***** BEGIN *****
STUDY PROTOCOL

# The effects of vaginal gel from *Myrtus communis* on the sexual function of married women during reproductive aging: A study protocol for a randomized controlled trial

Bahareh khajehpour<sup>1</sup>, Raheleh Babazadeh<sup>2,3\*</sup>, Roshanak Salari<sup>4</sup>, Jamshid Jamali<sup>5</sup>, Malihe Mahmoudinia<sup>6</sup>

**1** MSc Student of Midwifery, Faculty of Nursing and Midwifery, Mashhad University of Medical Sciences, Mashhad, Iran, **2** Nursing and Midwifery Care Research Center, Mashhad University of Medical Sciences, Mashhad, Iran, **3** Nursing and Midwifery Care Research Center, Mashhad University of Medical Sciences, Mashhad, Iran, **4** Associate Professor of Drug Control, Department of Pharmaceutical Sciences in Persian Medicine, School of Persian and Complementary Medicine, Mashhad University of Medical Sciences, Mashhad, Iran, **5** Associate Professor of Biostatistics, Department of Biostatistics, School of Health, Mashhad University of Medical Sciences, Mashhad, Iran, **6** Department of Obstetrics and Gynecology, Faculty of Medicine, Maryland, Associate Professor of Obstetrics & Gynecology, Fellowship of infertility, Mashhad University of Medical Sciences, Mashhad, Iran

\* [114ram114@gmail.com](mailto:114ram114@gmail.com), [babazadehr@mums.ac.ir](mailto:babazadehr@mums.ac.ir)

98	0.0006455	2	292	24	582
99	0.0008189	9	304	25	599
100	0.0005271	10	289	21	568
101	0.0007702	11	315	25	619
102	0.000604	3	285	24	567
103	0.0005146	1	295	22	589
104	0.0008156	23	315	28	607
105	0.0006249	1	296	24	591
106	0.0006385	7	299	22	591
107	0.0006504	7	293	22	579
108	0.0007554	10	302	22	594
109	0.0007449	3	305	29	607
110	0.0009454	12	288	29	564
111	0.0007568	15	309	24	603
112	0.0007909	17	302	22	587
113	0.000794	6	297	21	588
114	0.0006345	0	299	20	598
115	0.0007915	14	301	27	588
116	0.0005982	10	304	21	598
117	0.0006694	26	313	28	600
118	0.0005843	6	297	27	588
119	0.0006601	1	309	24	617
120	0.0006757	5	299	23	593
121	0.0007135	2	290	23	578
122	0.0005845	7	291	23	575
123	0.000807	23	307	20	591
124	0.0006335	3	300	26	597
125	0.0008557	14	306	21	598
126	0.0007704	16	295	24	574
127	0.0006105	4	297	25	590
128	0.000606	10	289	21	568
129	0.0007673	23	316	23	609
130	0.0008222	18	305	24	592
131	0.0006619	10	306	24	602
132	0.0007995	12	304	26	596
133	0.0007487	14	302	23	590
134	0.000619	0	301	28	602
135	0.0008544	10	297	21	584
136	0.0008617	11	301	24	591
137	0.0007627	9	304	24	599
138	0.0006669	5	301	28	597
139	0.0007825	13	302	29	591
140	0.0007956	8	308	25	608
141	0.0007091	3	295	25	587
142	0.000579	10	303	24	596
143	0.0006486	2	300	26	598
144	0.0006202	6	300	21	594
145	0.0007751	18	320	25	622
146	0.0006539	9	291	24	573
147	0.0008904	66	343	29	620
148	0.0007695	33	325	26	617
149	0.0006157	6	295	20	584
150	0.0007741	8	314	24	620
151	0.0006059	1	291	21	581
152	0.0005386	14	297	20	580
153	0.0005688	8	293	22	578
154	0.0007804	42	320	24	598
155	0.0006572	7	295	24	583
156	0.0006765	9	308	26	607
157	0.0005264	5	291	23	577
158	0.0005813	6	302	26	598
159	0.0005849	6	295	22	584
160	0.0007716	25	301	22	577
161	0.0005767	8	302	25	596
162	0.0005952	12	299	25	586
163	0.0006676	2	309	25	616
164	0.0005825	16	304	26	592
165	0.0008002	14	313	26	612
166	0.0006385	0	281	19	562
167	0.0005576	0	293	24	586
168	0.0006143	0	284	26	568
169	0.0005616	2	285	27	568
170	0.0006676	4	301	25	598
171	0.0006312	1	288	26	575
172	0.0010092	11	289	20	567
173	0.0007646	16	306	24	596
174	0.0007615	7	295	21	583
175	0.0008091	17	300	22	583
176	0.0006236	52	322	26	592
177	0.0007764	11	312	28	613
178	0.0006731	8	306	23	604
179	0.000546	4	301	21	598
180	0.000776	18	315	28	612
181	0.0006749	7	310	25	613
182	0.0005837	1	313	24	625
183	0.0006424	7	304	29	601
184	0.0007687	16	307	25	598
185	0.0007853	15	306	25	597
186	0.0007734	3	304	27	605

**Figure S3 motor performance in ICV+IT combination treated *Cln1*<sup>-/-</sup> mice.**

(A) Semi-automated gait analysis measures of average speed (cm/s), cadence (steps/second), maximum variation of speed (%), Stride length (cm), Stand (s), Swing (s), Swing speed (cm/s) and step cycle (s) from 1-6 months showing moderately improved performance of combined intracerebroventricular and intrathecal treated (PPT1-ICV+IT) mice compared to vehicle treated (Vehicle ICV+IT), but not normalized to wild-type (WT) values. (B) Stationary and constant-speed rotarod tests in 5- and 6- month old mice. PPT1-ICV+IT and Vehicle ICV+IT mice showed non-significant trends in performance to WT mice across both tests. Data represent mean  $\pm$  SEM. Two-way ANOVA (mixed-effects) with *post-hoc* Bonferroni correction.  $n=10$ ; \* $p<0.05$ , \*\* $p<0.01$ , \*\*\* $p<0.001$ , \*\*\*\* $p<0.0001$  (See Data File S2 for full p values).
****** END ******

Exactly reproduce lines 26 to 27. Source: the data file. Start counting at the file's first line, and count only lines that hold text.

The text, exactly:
118	0.0005843	6	297	27	588
119	0.0006601	1	309	24	617